Valerie Green: Reprograph | Justin Margitich: Iconographica | Robyn O'Neil: The Los Angeles Drawings 👀

743 N. La Brea Avenue
May 15, 11 AM - 9 PM — ends Jun 19, 2021
Valerie Green: Reprograph (pictured)
May 15 - June 19, 2021

Valerie Green’s Reprographs excavate the material and formal histories of image reproduction, photography and graphic design toward a lyrically abstract pictorial end. Utilizing an archive of materials, including an array of Letraset products given to her by her father, Green layers cut and found shapes, lines, and colors over the glow of her computer screen. The resulting images seem to define a new analog-digital interface, where the reactivation and repurposing of an outmoded–yet once revolutionary–technology speaks to the photographic process, material memory, visual continuity across time, and the breakneck pace of technological advancement.


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Justin Margitich: Iconographica
May 15 - June 19, 2021

Repurposing the visual lexicon of Byzantine and early Russian Icon painting, Justin Margitich considers the formal and technical possibilities inherent in that tradition’s far-reaching language. Its express aesthetic influence largely excluded from discourses surrounding painting today, Icon painting stands among the earliest direct precedents of certain contemporary figurative and portrait modes that eschew likeness in favor of an essentialization of the subject through identifiable characteristics or attributes. Today, as society continues to fractalize and subdivide through visual, often commodifiable means, a return to Iconography as the Byzantines and their contemporaries understood it becomes both profoundly unfeasible and conceptually loaded. Margitich’s icons, would-be saints, abuzz with psychedelic auras and energies, arrive at the universal through carefully executed irreducibility.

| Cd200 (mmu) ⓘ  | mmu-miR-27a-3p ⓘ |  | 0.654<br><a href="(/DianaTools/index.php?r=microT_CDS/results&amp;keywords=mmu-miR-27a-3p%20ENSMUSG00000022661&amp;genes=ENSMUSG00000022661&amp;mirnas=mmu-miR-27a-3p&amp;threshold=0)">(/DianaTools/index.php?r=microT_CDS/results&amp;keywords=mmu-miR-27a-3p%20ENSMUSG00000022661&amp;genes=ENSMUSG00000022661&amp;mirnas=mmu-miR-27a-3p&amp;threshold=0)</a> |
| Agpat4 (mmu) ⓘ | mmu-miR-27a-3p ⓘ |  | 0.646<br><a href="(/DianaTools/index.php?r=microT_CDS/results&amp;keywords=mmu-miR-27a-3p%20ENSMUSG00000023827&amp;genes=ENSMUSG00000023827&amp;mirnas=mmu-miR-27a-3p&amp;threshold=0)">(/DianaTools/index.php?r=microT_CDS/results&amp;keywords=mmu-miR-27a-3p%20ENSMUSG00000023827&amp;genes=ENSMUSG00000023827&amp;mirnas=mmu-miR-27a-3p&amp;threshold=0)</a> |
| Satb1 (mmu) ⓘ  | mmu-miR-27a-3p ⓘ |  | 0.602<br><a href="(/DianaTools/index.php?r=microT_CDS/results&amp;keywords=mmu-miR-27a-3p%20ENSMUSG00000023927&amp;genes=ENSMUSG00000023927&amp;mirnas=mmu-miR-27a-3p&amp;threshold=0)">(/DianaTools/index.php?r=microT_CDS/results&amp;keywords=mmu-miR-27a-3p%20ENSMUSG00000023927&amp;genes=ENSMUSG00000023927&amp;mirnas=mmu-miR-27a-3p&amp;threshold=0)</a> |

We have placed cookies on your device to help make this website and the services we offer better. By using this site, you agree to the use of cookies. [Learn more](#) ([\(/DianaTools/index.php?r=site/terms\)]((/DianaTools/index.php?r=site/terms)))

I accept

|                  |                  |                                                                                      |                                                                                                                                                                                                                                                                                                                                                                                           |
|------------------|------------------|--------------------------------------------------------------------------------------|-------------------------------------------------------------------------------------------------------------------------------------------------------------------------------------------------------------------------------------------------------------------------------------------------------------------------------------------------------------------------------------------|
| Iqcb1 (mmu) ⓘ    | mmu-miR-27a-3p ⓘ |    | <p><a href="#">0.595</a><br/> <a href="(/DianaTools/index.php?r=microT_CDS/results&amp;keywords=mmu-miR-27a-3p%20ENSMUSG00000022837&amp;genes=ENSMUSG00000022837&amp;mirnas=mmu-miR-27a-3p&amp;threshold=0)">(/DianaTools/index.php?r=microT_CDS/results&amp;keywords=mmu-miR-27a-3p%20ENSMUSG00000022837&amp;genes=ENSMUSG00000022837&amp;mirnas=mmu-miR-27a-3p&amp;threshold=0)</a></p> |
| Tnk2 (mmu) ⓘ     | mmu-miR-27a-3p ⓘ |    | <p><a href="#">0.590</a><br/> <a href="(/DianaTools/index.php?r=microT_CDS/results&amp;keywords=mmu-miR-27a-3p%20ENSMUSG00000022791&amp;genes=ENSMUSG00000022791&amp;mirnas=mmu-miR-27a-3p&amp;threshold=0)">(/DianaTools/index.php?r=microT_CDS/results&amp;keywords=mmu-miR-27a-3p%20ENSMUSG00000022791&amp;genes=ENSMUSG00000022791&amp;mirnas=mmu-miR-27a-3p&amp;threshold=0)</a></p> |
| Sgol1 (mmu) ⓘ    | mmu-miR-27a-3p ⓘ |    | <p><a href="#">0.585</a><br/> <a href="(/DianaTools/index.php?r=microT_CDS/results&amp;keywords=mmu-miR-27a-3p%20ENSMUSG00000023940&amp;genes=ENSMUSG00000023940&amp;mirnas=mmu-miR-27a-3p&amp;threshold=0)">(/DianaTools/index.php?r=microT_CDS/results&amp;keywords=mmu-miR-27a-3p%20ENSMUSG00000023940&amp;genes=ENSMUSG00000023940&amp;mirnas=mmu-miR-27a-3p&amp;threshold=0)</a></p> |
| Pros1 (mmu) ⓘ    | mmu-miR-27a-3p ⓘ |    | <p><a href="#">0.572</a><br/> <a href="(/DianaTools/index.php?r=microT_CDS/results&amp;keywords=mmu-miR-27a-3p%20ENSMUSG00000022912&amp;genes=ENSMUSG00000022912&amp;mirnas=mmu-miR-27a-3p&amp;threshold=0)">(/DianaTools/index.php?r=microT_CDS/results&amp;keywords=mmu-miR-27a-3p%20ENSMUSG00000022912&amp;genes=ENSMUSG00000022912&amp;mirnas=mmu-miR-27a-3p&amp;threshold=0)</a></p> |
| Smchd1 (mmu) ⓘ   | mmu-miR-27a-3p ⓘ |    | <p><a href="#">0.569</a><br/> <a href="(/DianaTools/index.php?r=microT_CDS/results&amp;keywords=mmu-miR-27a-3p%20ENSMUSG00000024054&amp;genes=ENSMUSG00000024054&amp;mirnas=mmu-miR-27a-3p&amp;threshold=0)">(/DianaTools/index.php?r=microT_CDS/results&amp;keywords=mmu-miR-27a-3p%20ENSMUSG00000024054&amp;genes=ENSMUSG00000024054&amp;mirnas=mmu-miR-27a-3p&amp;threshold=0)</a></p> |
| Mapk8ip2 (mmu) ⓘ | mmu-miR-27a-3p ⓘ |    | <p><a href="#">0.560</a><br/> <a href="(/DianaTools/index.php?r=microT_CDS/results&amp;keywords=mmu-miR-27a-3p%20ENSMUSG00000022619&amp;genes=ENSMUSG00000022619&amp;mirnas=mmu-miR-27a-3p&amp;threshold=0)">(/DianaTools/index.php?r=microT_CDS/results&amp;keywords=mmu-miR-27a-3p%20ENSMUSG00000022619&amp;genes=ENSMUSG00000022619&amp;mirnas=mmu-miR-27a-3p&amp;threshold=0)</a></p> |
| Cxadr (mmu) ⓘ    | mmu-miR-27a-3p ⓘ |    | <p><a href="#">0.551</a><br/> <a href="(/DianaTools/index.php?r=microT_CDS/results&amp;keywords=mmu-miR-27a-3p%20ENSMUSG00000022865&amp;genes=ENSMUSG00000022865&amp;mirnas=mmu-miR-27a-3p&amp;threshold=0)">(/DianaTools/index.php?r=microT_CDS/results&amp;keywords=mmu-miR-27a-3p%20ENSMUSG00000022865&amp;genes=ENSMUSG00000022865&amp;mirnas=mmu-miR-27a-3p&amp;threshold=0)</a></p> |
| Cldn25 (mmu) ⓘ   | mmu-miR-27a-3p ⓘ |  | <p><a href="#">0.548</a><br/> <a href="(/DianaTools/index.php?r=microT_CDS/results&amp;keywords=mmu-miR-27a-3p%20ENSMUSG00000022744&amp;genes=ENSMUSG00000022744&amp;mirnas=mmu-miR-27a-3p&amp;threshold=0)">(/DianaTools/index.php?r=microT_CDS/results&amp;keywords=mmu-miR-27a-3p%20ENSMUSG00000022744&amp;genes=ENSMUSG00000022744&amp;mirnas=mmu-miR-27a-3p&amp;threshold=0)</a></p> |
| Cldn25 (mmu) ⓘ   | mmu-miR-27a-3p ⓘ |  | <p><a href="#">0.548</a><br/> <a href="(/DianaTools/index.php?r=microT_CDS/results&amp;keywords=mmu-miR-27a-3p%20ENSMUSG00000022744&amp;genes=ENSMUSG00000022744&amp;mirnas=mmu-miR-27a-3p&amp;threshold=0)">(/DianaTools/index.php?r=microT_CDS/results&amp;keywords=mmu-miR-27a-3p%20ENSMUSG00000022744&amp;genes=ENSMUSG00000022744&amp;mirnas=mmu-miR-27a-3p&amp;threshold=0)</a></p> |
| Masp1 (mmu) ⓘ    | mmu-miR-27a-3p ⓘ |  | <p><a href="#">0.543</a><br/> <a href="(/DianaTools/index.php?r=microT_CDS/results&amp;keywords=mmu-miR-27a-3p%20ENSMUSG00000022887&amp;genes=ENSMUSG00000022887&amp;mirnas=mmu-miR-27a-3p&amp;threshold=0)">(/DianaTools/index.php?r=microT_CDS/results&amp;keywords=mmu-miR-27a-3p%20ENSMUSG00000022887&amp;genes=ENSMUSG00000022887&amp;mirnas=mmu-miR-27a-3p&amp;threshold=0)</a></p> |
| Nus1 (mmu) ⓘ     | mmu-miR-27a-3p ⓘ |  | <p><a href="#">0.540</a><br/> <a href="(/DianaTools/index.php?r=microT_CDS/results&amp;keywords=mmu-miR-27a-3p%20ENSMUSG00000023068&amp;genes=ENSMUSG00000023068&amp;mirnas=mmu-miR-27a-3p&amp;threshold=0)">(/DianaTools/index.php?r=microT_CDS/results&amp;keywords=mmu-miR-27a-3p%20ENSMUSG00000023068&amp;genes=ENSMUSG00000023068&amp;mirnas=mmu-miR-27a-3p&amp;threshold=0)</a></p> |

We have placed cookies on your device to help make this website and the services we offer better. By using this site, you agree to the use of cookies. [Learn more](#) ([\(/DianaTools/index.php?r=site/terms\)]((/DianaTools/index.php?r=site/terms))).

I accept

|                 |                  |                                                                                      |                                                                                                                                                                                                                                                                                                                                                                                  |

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Robyn O'Neil: The Los Angeles Drawings
May 15 - June 19, 2021

An open-source, impressionistic handling of memory as material turns Robyn O’Neil’s Los Angeles Drawings, the most recent examples in her ongoing Cloudmaker series, into declarations of being through expansive, tender, and wry reticulations of art historical flashes and personal episodes. A wispy cloud from Emil Nolde’s The Seal, 1912, and a brooding cloud from Thomas Gainsborough’s Blue Boy hang next to one another, having been precision-plucked from different painted skies altogether; nearby is a glyphic cloud lifted from a sweatshirt worn by the Beth Howland character on Alice, the classic sitcom that ran during the artist’s youth. Sensitive compositional decisions equalize rangy sources and experiences, translating them into articulations of memory’s persistent flightiness and its location at the forefront of the human experience.